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How to lose a BRUV in 10 days

By Ivy Baremore, 18th September 2017

Our little deep-sea project is pretty low tech. We set and deploy lines by hand, mostly judging the depths at which to set our gear by gauging the distance from the shore and angle of the reef. We’ve had a few lines spool out to 450 m without hitting bottom, which means a solid 5 minutes of hauling up nothing but line, but most of the time we’re on target. Our last deep baited remote underwater video (BRUV) worked well, but it was cumbersome and became too heavy for us to pull up by hand.

A few of the creatures recorded on deep BRUVs in 2016:

Smoothhound shark. Photo © Ivy Baremore

Night shark. Photo © Ivy Baremore

Bigeye sixgill shark. Photo © Ivy Baremore

A Giant isopod. Photo © Ivy Baremore

To ease the pain in our arms we purchased a hand-powered reel, but after just a few hauls of the BRUV, the reel split due to the tension of the line and we knew we needed a better solution. In the spirit of innovation, I contacted our long-term volunteer and go-to handyguy Sam Owen. He built, set, and hauled our previous BRUV, so he knew what kinds of conditions we would be working in. Sam was set to make his annual trip to work with us in Belize in late March, so I sent him a few sketches and requested that the frame be lighter than the previous version and collapsible for transport. Sam got to work and in no time at all, had completely exceeded my expectations on the design, and even was able to construct 2 identical BRUVs. He called the new design “Superleggera,” or “super light” in Italian, taking a cue from high-end Italian supercars.

Photo © Ivy Baremore

I immediately took BRUV Superleggera I to Honduras for a field trial. Funky current and wave conditions only allowed us to deploy it once, but I was extremely happy with the results and the design.

Superleggera I in its collapsed form, on top of an equipment box. Photo © Ivy Baremore

Superleggera I extended for deployment in Honduras. You can see from the images why we might need all the deck space we can get. Photo © Ivy Baremore

With the first successful field trial complete, we were excited to bring the second BRUV to Lighthouse Reef Atoll as part of our deep sea arsenal in May. We had set the old BRUV in several locations there last year, but we wanted to explore more of the western side of the atoll to assess the bottom habitats and critters.

The debut of Superleggera II took place with an audience, as we were hosting a group of volunteers from the US during our annual marine megafauna monitoring at Lighthouse Reef. We proudly showed off how easy it was to assemble and deploy from a small boat, and encouraged everyone to take photos of our work. With the new BRUV on its maiden voyage and a brand new temperature depth recorder (TDR) attached, we moved away to tend baited lines in the water close by.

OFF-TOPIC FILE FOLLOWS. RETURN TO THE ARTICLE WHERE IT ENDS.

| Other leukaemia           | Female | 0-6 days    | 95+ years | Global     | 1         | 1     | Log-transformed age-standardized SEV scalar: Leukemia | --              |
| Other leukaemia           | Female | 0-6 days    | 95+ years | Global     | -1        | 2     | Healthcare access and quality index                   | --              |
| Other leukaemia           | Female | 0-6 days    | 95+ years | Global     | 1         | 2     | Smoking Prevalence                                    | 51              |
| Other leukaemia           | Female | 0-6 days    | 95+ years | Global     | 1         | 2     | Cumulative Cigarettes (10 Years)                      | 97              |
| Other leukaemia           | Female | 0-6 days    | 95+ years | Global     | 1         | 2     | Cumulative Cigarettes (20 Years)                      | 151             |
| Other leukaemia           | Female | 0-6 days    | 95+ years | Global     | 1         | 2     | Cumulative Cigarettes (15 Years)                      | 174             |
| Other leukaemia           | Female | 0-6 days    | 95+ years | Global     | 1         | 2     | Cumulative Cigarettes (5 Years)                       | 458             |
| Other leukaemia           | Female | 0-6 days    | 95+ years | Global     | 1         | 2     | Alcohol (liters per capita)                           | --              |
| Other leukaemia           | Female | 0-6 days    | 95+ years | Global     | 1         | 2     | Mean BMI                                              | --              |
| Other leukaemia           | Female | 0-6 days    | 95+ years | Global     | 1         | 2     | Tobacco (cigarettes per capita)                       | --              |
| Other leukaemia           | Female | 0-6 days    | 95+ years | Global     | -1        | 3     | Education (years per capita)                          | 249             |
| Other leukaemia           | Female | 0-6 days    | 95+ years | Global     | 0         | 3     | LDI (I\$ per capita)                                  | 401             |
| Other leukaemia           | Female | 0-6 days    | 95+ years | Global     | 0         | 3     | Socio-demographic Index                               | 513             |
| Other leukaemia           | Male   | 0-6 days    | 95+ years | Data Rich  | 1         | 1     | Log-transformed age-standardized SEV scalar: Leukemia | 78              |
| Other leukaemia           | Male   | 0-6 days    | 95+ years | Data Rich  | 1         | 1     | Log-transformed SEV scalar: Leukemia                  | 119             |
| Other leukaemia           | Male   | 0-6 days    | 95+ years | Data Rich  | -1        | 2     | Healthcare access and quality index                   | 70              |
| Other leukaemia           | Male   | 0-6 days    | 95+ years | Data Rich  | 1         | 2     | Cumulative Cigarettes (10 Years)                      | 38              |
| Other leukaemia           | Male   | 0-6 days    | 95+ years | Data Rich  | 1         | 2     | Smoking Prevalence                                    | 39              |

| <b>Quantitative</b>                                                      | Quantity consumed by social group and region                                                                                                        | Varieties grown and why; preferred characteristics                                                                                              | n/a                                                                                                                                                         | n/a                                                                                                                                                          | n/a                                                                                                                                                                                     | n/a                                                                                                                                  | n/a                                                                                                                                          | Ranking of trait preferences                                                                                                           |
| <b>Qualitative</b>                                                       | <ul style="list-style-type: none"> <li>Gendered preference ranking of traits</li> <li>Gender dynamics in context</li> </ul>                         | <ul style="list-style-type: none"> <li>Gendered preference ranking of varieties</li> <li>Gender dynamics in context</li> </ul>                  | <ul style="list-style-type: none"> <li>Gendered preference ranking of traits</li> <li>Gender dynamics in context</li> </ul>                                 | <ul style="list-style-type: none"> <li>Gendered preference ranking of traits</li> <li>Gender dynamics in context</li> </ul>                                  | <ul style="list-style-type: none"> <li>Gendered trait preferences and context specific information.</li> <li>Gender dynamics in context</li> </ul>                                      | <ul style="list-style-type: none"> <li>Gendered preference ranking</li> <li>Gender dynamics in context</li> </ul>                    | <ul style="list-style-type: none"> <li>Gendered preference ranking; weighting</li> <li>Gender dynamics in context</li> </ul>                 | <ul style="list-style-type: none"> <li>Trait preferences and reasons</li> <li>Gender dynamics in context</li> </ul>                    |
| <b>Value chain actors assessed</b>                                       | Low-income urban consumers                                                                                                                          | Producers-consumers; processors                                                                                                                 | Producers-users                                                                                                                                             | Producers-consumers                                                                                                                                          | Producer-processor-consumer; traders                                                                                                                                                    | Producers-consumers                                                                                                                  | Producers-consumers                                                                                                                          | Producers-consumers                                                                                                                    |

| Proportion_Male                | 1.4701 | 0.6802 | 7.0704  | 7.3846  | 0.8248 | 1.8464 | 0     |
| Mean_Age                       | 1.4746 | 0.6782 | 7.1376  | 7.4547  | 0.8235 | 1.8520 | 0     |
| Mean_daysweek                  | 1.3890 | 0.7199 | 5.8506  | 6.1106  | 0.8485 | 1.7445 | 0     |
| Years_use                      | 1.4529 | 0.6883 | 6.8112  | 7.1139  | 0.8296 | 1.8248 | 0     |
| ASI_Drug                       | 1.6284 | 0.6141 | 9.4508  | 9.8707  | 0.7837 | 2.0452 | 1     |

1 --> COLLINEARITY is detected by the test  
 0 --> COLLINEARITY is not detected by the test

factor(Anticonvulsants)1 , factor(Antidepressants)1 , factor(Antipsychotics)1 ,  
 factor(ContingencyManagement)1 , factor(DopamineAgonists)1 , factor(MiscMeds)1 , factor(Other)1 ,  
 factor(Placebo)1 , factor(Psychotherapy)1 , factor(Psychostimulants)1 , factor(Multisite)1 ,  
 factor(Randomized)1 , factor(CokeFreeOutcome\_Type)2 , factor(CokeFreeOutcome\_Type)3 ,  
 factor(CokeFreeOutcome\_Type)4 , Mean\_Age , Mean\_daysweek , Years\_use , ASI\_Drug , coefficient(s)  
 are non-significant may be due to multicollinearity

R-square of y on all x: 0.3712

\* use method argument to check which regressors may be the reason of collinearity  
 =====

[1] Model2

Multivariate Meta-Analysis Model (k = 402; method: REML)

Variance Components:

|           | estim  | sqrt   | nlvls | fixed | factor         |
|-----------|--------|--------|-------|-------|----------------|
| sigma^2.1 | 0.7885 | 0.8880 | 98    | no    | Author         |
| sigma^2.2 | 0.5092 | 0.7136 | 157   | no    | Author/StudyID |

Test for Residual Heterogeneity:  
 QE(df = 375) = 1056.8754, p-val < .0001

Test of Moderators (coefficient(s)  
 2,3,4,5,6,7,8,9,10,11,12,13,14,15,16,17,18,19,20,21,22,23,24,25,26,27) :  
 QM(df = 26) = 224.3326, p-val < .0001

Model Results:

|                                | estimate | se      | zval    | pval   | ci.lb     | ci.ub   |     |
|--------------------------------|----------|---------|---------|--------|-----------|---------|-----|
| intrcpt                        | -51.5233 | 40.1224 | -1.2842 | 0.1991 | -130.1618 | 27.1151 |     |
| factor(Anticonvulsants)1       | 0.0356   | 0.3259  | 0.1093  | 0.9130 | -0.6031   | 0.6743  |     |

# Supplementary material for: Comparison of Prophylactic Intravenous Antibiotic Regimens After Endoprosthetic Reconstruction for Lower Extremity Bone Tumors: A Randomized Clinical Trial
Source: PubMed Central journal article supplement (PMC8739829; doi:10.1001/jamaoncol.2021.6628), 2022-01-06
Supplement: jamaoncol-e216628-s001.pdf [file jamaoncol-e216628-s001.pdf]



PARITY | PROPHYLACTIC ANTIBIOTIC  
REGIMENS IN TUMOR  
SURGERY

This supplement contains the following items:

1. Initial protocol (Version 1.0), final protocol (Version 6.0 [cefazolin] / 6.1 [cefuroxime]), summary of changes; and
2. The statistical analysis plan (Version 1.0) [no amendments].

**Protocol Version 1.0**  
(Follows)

Sam and I deploy Superleggera II for the first (and last) time. Look how happy we are! Photo © Rachel T. Graham

We left the BRUV in place for several hours, and went to retrieve it after all of our vertical longlines had been hauled up. But as we hitched the line onto the reel for its joyous return, we hit a snag. Or rather, the BRUV had. Pull as we may, it seemed that Superleggera II was rather stuck. We tried all of the tricks up our collective sleeves, but nothing would budge the little guy from its place. We finally decided to come back with a more experienced deep-sea crew and some more equipment, and so with a sense of foreboding we set a couple of buoys on the line for later retrieval. One of our guests was kind enough to take pictures of the entire ordeal. She even got the buoys marking the spot, which is kind of like taking pictures of the flowers at a funeral.

Photo © Mika Yukimura

Did I mention that it was my birthday? We tried again in the afternoon to no avail, and the next morning a crew set out with a grappling anchor and extra line (I stayed behind because the guys said I made them nervous). When three hours had passed with no triumphant return, I was prepared for the worst. Which was good, because after many hours of pulling and tugging, the line broke off on some coral and the guys came back empty handed. Although we will likely never know exactly what happened to Superleggera 2, we think that because it was so super light, surface currents pushed it under a ledge during deployment. All of our huffing and puffing only dragged the line against the coral and eventually cut the line.

Last known image of Superleggera II, as she descends into the watery depths. Photo © Rachel T. Graham

The monetary toll of our misadventure, between the frame, lights, camera, housing and TDR was over $2,500 USD. The human toll was somewhat less, though I’ve spent happier birthdays; around 30 hours were spent between designing, building, chatting, and ultimately attempting to rescue her.

In the end, it only took one day to lose a BRUV. Sad to say, but we didn’t get the movie ending we were hoping for, and Superleggera II is still sitting 260m below the surface just off Long Caye. As this is just a bit past even technical divers’ depth range, we don’t have many other methods of retrieving her. So, if anyone out there knows any genius billionaire playboy philanthropists who might want to loan us a submarine, please have them contact ivy@maralliance.org.

To end on a happy note, here’s some video from Superleggera I in Honduras showing Atlantic cutlassfish and a cheeky gulper shark.

Frame materials: $60
Light housings: $800
Lights: $200
GoPro housing: $300
GoPro: $300
SD card: $35
TDR: $280

Hours spent designing, building, chatting, etc.: 30 +…. not even included in this cost!

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